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Let People Vote: A Postcard from Florida

Howard L. Simon,
ACLU of Florida
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July 1, 2013

The following blog post is adapted from the remarks by ACLU of Florida Executive Director Howard Simon to the Presidential Commission on Election Administration, which held its second hearing on June 28, 2013 in Miami.

The President’s charge to the Commission on Election Administration is an opportunity for a non-partisan conversation about how to promote the efficient administration of elections, provide better access to the polls for all voters, and shorten the lines at polling places.

This Commission can provide “best practices” on these matters to state lawmakers and those charged with the administration of elections.

Too often the rights of voters are lost in a tug of war between the major political parties jousting for perceived partisan advantage by manipulating election laws.

This discussion should not take place with blinders. In Florida, problems with the administration of elections were the direct and predictable consequence of policy decisions that placed extra burdens on voters and, in some counties, overwhelmed election administrators.

In Florida, the intolerable long lines that voters heroically endured in order to exercise their rights were the result of decisions made by our Legislature and Governor to shorten the number of early voting days; to end a long standing practice of same-day address change, requiring more use of provisional ballots; and perhaps the longest ballot in Florida history, which included 11 confusing and misleading constitutional amendments, one with a “Summary” of almost 600 words.

Address changes and provisional ballot issues were among the most common concerns of distressed voters. In the 2012 election, nearly 30,000 Floridians were required to cast provisional ballots. A disproportionate number were cast by African-American and Hispanic voters.

Voters went to the polling place of their old address and were allowed to vote (but with a provisional ballot which would not be counted) or they went to their old precinct and were directed to the polling place of their old address for which they were registered (and voted a provisional ballot that by law could not be counted). The problem is exacerbated by the disfranchising Florida statute that mandates that the entire ballot of a registered voter be discarded if it is cast in the wrong precinct.

The requirement that registered voters cast a provisional rather than a regular ballot if they moved from one county to another and needed to update their address on Election Day hampered the capacity of election clerks to carry out their duties processing other voters at the polls.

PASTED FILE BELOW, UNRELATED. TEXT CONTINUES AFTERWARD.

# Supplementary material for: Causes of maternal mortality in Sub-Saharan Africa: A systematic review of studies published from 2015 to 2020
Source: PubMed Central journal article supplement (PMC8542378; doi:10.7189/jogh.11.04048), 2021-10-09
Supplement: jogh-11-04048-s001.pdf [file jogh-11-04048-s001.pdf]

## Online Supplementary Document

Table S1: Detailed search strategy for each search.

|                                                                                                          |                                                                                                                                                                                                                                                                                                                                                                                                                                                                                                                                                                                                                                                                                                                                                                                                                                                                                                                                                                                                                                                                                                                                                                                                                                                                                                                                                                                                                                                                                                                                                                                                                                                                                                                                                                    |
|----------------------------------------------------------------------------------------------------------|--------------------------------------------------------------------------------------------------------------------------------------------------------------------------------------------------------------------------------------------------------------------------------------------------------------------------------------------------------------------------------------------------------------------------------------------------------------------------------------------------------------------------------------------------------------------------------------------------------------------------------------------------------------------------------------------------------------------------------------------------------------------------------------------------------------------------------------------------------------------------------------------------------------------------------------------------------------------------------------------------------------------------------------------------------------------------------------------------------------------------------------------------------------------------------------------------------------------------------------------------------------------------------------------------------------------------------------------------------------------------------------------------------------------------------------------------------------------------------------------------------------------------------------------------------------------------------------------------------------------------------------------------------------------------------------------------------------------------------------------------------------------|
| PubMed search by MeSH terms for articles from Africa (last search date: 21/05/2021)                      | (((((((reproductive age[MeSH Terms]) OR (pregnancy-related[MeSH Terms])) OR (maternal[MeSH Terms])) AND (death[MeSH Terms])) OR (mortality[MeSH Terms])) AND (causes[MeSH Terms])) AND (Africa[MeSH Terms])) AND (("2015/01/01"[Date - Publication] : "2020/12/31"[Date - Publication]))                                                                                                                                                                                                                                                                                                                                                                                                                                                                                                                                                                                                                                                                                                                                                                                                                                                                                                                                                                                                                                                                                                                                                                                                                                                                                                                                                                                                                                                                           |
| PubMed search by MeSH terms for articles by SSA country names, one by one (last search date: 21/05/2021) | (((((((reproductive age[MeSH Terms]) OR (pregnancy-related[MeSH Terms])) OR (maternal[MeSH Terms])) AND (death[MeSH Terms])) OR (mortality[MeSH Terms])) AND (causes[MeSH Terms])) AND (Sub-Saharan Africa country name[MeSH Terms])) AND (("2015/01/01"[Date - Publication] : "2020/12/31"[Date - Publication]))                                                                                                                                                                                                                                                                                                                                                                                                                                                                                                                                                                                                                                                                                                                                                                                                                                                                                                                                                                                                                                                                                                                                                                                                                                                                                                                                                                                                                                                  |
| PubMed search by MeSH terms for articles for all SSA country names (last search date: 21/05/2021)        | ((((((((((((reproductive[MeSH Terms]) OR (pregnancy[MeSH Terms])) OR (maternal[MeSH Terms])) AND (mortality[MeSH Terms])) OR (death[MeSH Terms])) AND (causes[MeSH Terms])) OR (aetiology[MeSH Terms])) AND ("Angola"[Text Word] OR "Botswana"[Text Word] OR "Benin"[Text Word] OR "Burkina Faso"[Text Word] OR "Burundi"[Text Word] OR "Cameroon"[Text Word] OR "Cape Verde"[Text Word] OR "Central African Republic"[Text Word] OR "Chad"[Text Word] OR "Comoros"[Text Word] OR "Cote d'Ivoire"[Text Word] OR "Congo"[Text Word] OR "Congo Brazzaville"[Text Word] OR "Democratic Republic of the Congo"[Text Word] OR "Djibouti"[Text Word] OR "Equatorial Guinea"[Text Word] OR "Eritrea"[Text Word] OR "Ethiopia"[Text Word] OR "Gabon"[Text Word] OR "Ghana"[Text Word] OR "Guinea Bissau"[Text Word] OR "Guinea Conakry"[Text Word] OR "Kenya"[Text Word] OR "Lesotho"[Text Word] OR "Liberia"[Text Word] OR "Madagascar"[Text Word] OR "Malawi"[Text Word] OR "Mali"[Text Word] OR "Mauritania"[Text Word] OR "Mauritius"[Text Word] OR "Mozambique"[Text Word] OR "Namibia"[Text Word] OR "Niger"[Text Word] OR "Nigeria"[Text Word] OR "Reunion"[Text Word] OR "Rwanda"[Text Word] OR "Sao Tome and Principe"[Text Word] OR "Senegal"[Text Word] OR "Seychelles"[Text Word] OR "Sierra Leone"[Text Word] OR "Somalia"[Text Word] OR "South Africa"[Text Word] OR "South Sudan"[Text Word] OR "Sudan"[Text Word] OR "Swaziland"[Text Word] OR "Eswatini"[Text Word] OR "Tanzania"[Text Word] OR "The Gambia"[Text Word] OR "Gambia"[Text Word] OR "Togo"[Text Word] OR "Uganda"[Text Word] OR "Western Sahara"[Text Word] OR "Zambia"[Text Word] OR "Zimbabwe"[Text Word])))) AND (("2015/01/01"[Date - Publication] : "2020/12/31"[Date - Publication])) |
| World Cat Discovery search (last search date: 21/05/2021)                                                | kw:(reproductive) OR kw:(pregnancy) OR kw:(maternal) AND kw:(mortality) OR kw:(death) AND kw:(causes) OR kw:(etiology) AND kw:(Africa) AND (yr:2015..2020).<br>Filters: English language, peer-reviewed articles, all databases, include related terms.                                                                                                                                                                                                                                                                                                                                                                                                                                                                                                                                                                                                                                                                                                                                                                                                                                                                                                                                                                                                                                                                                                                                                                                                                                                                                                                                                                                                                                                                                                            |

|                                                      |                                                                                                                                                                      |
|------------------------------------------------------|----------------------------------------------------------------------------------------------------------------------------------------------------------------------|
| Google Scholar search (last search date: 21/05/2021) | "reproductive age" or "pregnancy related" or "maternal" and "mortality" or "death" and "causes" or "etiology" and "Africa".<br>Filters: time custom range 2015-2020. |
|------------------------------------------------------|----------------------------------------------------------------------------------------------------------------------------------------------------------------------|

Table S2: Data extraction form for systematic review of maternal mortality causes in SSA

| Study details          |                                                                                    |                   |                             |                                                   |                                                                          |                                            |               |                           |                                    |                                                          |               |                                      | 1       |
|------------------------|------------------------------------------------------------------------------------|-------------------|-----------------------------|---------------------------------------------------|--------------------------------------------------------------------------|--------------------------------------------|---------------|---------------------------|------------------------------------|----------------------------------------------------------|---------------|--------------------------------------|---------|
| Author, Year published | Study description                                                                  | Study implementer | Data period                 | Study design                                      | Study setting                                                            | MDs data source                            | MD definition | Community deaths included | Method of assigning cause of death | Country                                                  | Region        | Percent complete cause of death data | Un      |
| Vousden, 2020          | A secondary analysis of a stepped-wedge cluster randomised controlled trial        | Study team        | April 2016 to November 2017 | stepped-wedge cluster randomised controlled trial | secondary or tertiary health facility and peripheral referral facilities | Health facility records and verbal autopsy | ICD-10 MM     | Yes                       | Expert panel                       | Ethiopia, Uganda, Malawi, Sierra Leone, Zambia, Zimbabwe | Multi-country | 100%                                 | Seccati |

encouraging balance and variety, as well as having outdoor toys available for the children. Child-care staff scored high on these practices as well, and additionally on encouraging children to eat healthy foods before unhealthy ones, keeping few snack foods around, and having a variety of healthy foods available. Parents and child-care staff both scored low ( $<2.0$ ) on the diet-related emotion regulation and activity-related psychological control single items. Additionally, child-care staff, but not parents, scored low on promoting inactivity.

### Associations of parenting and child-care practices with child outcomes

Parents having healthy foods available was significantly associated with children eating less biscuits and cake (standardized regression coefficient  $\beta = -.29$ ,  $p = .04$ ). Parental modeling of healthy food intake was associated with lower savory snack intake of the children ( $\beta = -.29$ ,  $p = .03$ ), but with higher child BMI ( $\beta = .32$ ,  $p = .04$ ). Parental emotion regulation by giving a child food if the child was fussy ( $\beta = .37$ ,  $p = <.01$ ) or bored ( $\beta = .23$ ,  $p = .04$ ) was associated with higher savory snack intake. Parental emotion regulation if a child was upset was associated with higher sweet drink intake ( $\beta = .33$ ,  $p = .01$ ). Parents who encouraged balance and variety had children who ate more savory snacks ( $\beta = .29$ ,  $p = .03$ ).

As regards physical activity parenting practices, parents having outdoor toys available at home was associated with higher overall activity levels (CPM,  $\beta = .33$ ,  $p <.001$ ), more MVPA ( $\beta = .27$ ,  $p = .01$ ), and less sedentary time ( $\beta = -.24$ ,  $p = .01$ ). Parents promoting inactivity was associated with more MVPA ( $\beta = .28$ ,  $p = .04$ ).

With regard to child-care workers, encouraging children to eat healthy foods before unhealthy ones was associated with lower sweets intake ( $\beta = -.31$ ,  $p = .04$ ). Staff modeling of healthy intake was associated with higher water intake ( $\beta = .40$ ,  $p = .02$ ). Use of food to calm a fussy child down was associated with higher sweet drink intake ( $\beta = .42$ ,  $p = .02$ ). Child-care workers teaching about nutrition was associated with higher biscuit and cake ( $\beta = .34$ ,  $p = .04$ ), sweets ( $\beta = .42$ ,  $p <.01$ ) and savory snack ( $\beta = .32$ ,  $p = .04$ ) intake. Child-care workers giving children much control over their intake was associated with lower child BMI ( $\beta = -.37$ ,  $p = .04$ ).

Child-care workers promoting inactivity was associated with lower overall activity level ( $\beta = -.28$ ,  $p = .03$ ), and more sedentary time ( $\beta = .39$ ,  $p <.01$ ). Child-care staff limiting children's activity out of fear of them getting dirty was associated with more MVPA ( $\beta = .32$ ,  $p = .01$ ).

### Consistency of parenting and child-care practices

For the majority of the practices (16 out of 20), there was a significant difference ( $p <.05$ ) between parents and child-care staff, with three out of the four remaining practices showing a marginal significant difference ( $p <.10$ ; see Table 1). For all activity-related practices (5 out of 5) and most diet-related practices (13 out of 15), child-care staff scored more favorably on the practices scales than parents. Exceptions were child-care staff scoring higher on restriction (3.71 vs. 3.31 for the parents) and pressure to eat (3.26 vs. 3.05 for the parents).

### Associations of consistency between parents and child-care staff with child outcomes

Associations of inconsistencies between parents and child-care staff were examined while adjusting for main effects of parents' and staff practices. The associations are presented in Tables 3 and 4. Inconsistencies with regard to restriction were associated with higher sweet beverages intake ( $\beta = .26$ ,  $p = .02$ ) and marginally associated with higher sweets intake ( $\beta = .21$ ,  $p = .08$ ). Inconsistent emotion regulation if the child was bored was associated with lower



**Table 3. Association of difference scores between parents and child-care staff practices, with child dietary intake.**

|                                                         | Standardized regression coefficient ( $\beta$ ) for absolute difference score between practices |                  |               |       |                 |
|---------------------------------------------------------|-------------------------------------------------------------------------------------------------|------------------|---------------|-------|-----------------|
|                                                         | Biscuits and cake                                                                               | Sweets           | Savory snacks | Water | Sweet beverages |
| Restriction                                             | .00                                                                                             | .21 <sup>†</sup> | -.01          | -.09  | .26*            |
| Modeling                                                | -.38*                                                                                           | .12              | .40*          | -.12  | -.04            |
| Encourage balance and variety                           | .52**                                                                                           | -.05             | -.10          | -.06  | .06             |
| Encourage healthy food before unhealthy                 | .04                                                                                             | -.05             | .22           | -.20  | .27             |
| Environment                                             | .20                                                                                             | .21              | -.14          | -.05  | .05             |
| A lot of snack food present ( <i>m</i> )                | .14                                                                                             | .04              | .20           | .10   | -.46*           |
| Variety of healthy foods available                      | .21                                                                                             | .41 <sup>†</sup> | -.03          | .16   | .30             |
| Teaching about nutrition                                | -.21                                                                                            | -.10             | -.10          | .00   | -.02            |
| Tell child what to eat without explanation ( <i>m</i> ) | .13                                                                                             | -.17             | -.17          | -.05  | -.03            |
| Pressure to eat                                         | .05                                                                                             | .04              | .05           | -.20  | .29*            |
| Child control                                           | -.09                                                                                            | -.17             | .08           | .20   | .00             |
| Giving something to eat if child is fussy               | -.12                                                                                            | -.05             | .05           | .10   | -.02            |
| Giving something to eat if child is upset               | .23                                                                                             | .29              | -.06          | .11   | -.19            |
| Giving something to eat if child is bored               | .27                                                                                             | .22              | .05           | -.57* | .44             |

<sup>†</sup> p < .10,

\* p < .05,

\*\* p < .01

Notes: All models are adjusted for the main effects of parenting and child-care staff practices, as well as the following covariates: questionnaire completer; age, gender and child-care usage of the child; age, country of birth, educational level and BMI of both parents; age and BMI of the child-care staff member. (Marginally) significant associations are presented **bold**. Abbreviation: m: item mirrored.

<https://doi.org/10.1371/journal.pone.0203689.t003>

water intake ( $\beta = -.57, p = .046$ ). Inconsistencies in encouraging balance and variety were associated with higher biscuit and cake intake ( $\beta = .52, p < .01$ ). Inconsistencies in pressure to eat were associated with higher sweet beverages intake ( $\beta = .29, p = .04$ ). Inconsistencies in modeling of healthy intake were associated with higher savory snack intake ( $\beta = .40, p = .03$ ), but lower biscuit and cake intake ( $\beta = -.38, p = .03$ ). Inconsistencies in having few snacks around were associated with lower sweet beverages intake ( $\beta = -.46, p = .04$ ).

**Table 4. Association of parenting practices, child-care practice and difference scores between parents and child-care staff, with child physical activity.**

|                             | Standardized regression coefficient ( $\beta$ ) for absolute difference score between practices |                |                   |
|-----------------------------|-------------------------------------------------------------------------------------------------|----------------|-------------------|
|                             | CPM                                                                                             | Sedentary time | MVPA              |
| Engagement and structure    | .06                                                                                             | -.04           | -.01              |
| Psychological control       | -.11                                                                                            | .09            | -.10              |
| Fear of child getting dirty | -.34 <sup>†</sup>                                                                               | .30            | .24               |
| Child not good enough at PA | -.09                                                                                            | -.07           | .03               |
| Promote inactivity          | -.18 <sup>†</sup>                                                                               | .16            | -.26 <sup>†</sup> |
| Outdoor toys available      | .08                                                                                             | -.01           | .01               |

The 2013 Legislature addressed provisional ballots, but only for some of those who need to update their address. Those who move to a county not using an electronic register must still vote by provisional ballot.

Early voting, used by minority voters in Florida at a greater rate than non-minorities, allows voters to cast their ballot anywhere in a county, thereby avoiding the need for provisional ballots because the voter appeared at the wrong polling place.

Early voting also gives voters a cushion of time within which to resolve any issues they encounter at the polls. And if voters are required to use a provisional ballot, early voting allows voters to cure any questions about their eligibility prior to Election Day.

The Florida Legislature restored some early voting days that it took away in 2011. But the 2013 legislation still requires fewer early voting hours over fewer days than the pre-2011 election regime. The convenience with which a person can exercise their fundamental right to vote will still depend on the county in which they reside.

The ACLU of Florida urges the following best practices:

  • Portability of a voter’s registration so that the voter can remain registered as long as they reside in Florida.
  • Use of technology to allow local election administrators direct (or indirect, by telephone) access to statewide voter rolls.
  • Expansion of Early Voting to make voting more accessible and reduce the use of provisional ballots.
  • More uniformity in the number of Early Voting days and hours.

In the Supreme Court’s Shelby County v. Holder ruling, Justice Roberts wrote that “voting discrimination still exists; no one can doubt that.” To that end, we appreciate the involvement of the Commission in recommending best practices on the front-end of election administration to avoid post-election lawsuits which – until Congress acts on the Court’s invitation – can only address voting rights violations after the damage is done.

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